Obesity and its complications are associated with chronic inflammation, but new findings show that a certain kind of inflammation is needed to prepare fat tissue for healthy weight gain. Moreover, in mice, this “good” inflammation appears to improve energy metabolism, staving off or even reversing the prediabetic phenotype. Now that this beneficial inflammatory mechanism has been identified, it may lead to new therapeutic approaches against metabolic syndrome and type 2 diabetes.

The new findings were reported by scientists led by the University of Montreal’s Przemyslaw (Mike) Sapieha, Ph.D. According to these scientists, macrophages that express neuropilin-1 (NRP1) accumulate in fat tissue and orchestrate healthy weight gain.

Details appeared March 16 in the journal Science Immunology, in an article entitled “Neuropilin-1 Expression in Adipose Tissue Macrophages Protects against Obesity and Metabolic Syndrome.” According to this article, ablation of NRP1 in macrophages compromised lipid uptake in these cells, which reduced substrates for fatty acid β-oxidation and shifted energy metabolism of these macrophages toward a more inflammatory glycolytic metabolism.

“Conditional deletion of NRP1 in LysM Cre-expressing cells leads to inadequate adipose vascularization, accelerated weight gain, and reduced insulin sensitivity even independent of weight gain,” wrote the article’s authors. “Transfer of NRP1+ hematopoietic cells improved glucose homeostasis, resulting in the reversal of a prediabetic phenotype.”

It is believed that obesity-induced metabolic syndrome is caused by excessive fat accumulation that triggers detrimental inflammation and prevents organs from functioning adequately. Consequences include poor regulation of blood sugar levels.

Depending on how many calories we take in, fat tissue expands or contracts. For fat tissue to expand in a healthy manner, it must first be prepared, much like a garden must be plowed before planting seeds. This kind of cultivation appears to be accomplished by the immune cell subset identified in the current study.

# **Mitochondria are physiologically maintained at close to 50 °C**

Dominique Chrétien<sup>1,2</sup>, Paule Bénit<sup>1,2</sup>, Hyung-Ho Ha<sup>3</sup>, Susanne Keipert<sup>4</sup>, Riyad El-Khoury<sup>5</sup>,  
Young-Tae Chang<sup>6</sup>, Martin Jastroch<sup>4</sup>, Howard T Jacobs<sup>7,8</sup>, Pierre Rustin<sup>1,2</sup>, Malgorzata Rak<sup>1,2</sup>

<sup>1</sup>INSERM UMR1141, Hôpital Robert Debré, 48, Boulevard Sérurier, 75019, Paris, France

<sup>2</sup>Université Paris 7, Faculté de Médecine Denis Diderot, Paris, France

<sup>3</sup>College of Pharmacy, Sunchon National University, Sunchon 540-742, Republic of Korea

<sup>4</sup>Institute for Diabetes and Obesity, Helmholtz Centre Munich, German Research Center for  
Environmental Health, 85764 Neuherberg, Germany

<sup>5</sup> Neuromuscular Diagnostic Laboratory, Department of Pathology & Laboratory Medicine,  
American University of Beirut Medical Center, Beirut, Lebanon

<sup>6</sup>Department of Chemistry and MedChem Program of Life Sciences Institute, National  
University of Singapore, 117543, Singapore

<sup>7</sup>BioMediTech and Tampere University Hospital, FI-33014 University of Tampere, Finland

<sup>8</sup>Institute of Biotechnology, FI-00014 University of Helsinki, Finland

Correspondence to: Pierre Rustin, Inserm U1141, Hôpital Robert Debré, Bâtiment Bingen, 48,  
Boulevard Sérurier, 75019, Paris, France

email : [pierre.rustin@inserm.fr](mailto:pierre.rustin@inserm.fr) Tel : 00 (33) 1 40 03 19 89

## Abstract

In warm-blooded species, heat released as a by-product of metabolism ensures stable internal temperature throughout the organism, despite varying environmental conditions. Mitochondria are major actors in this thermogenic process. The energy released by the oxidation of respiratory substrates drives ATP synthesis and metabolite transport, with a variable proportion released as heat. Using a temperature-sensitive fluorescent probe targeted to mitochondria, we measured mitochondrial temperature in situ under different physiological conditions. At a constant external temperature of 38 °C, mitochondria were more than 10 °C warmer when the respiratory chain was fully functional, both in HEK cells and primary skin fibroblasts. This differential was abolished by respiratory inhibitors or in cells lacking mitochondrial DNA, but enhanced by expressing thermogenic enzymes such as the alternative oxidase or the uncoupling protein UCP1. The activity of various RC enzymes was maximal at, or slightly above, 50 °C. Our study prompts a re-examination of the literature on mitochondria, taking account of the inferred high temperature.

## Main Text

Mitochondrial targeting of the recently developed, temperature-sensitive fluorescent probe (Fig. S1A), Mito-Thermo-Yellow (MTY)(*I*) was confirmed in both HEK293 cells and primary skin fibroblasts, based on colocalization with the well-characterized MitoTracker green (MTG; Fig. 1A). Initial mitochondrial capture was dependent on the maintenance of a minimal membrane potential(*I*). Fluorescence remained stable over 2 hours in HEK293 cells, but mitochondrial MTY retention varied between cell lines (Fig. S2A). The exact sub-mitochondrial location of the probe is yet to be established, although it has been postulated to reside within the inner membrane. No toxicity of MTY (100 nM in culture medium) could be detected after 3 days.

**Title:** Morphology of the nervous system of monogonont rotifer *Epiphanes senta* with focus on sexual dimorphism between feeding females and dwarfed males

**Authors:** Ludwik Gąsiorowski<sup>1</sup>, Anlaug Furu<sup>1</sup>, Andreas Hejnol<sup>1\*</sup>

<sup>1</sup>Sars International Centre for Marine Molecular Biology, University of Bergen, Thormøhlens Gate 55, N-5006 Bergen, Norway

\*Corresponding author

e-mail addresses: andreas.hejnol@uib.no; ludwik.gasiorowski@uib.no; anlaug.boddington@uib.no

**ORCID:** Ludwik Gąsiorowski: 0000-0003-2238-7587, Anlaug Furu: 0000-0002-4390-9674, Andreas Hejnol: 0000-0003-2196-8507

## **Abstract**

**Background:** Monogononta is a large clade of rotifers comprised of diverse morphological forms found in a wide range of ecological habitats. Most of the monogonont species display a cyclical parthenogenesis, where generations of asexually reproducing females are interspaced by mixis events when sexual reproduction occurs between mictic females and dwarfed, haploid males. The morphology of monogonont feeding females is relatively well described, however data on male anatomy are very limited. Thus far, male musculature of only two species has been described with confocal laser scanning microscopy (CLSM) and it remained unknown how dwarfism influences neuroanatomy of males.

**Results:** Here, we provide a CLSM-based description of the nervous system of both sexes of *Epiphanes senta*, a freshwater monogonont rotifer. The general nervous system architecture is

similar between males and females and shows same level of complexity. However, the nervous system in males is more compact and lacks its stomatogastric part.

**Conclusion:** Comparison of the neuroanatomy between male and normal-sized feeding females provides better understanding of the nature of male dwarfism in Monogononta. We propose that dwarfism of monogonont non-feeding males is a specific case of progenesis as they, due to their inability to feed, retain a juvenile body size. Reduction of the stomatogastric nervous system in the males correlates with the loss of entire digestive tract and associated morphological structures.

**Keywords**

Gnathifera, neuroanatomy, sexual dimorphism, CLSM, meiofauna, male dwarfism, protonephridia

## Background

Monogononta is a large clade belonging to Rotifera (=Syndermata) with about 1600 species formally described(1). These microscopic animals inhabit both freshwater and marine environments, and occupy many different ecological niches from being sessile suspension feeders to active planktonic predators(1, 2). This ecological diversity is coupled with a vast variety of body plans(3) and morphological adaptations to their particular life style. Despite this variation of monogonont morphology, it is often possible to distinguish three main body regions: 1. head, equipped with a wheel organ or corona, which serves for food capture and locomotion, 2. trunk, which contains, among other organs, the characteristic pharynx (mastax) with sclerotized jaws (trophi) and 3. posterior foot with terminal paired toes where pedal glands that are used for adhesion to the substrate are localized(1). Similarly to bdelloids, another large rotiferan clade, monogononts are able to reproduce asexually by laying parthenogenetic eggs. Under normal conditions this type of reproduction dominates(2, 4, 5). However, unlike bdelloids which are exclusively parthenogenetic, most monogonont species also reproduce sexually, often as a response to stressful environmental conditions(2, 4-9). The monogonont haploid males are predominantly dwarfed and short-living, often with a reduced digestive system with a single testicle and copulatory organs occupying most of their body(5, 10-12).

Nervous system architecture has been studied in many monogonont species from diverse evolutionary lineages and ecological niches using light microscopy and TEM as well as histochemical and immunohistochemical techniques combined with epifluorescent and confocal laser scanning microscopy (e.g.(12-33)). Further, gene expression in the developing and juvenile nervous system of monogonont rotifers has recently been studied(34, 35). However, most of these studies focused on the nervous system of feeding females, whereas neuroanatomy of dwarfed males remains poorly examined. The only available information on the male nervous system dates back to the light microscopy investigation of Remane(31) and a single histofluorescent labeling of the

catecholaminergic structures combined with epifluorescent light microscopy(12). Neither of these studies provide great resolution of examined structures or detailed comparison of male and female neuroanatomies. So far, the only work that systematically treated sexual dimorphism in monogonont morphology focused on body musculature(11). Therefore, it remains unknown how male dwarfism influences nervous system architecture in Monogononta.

The NRP1-positive immune cells, asserts Ariel Wilson, Ph.D., the study’s lead author, are important in removing excess fat from the body. They also help build the body's infrastructure to accommodate new fat reserves without causing complications typically associated with obesity.

The study also demonstrates that transferring NPR1-positive immune cells (through the bone marrow) to mice that lack them actually helps the animals regain control of their blood sugar levels and makes the animals metabolically healthier in general.

“Our study further provides in vivo support for the notion that macrophage polarization is intrinsically associated with energy metabolism and that homeostatic macrophages rely heavily upon FAs [fatty acids] delivered via NRP1, a slower yet sustained means of energy production,” the article’s authors concluded. “More broadly, our study provides insight into the essential role of macrophages in adipose tissue homeostasis.”

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